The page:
• a description of the target and its business (incl. material risks, description of the current main areas of activity, indicating the main products sold and services provided; indicative information on the business forecast);
  • financial information relevant to the decision on the De-SPAC with respect to the acquisition target, i.e. the two most recent annual reports containing the audited financial statements for the last three fiscal years and a description of the material financial effects of the proposed De-SPAC. It is important to note that no accounts according to recognised reporting standard have to be drawn up for this purpose. In cases where the annual reports of the target do not follow a recognised accounting standard, however, a description of material differences to the accounting standard of the SPAC in relation to the last business year of the target must be added;
  • information on corporate governance (e.g. information on members of the board of directors and the executive committee; composition of the board of directors' committees, their tasks and competencies; principles and elements of compensation and share programmes); and
  • a confirmation that the SPAC has not received any non-public information without disclosure that could materially influence the investors' decision.

Any information or facts discovered after the publication of the information document (but before the vote on the DeSPAC) would need to be published in a respective addendum.


In order to deal with potential information asymmetries, the LR requires that the founders/sponsors, members of the board of directors and the management of the SPAC enter into a lock-up agreement providing for a lock-up period of at least six months after completion of the De-SPAC.

Further, the disclosure of management transactions is extended for listed SPACs to the effect that the disclosure requirements also apply to founders/sponsors of the SPAC until one month after expiry of the lock-up.


Swiss listed issuers are generally only obliged to report biannually and not quarterly. However, if the target company does not have financial statements covering three fiscal years before the De-SPAC in accordance with a recognised accounting standard that are disclosed in the information document (see above), the SPAC is required to establish quarterly financial statements instead. This duty starts with the first full quarter after completion of the De-SPAC and lasts for two full fiscal years. These quarterly financial statements have to be published within two months after the close of the respective quarter. There is no audit or review requirement for such quarterly financial statements.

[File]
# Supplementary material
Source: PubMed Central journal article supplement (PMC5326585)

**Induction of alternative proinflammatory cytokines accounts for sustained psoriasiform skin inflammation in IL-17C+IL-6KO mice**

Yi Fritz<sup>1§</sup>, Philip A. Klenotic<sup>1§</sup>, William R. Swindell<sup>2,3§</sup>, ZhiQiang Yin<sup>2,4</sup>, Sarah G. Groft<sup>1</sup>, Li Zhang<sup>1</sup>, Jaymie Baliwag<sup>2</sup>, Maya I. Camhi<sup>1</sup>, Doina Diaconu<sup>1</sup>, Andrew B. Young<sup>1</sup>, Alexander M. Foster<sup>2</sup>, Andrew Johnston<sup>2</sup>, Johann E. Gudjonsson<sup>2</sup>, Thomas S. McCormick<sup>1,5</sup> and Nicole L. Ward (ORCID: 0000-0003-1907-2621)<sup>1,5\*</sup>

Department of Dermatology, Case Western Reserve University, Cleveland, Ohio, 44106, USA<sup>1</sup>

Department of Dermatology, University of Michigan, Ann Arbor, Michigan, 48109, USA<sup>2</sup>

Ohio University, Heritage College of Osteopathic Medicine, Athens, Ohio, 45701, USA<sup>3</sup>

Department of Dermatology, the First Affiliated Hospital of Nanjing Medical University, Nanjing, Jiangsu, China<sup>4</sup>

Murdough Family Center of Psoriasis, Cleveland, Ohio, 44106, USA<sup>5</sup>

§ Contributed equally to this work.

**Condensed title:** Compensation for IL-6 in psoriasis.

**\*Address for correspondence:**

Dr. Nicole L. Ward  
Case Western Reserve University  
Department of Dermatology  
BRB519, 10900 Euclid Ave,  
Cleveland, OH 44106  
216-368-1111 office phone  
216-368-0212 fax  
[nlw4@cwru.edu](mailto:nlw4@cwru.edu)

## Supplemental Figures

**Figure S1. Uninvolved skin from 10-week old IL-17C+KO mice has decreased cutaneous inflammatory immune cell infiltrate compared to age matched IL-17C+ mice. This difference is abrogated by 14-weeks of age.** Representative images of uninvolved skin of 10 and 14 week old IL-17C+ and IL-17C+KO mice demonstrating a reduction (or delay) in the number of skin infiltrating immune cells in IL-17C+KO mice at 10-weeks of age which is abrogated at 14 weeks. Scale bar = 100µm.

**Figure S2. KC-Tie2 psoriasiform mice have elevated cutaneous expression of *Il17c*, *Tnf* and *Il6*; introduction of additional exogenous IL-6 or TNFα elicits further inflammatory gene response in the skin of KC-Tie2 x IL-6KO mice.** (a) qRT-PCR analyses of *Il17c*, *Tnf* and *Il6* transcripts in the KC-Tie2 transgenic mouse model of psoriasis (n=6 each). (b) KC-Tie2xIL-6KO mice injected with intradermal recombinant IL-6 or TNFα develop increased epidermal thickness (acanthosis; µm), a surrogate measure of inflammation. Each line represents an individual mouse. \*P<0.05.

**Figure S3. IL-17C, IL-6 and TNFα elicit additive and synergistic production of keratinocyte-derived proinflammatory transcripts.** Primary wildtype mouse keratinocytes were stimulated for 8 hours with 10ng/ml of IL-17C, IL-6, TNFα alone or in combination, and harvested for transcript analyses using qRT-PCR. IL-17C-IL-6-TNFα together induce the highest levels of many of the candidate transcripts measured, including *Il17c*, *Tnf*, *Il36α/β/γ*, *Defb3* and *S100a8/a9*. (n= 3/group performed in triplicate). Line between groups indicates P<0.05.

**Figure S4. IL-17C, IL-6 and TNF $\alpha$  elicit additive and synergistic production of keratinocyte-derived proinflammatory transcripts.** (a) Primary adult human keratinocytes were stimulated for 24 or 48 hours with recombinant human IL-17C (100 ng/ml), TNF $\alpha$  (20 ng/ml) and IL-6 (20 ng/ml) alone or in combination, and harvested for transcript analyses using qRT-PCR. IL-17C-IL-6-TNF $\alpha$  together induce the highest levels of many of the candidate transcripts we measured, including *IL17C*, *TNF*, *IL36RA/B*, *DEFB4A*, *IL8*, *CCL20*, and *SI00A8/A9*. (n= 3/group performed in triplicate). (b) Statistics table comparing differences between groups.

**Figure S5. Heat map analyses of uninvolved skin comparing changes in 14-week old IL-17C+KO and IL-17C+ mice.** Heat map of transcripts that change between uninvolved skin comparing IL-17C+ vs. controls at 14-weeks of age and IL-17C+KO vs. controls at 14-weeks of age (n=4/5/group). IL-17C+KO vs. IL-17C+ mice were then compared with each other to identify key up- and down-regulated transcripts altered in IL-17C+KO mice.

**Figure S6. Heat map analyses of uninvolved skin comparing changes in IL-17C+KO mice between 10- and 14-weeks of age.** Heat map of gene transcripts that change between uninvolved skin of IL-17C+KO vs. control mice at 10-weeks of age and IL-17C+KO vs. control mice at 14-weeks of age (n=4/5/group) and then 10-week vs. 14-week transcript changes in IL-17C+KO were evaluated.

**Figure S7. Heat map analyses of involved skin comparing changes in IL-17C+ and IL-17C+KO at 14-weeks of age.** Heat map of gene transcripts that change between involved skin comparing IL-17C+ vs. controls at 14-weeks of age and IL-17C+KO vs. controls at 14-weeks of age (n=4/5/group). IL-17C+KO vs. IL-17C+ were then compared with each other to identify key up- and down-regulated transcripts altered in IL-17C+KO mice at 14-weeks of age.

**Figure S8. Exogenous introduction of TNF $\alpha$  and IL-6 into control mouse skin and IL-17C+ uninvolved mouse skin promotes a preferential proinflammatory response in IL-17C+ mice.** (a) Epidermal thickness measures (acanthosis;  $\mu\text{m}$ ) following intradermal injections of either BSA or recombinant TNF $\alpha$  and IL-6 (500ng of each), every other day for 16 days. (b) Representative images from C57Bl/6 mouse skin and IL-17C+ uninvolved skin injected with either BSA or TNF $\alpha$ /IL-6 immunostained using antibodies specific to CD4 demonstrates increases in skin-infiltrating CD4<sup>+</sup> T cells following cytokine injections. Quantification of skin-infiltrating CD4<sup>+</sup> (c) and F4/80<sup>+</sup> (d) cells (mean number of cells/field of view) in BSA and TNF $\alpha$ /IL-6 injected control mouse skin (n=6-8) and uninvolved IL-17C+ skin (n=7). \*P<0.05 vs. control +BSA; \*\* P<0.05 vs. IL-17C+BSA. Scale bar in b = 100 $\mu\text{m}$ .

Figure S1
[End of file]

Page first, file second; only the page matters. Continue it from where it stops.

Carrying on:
In case no target company can be identified within the lifespan of the SPAC or if the investors' general meeting votes against the De-SPAC, the SPAC needs to be dissolved. In the liquidation of the SPAC, IPO shares have to be treated with seniority over all other share classes up to the amount paid at the time of the IPO.


Switzerland has closed the gap with other jurisdictions in terms of SPAC regulation and now offers an advantageous framework for the listing of SPACs that ensures adequate investor protection. We anticipate seeing the first listings of Swiss SPACs soon, and De-SPAC transactions by Swiss SPACs in the medium term. Given that De-SPAC transactions of Swiss SPACs will follow the European role-model, they will offer significant advantages over US-style De-SPACs for Swiss and foreign targets. As a result, De-SPACs by Swiss SPACs may become an attractive alternative to an IPO or a private M&A exit transaction both for Swiss and foreign companies. For Swiss companies in particular, Swiss SPACs will offer the opportunity to become listed on an attractive domestic listing venue, providing for an optimal regulatory fit without cross-border complexity.

The content of this article is intended to provide a general guide to the subject matter. Specialist advice should be sought about your specific circumstances.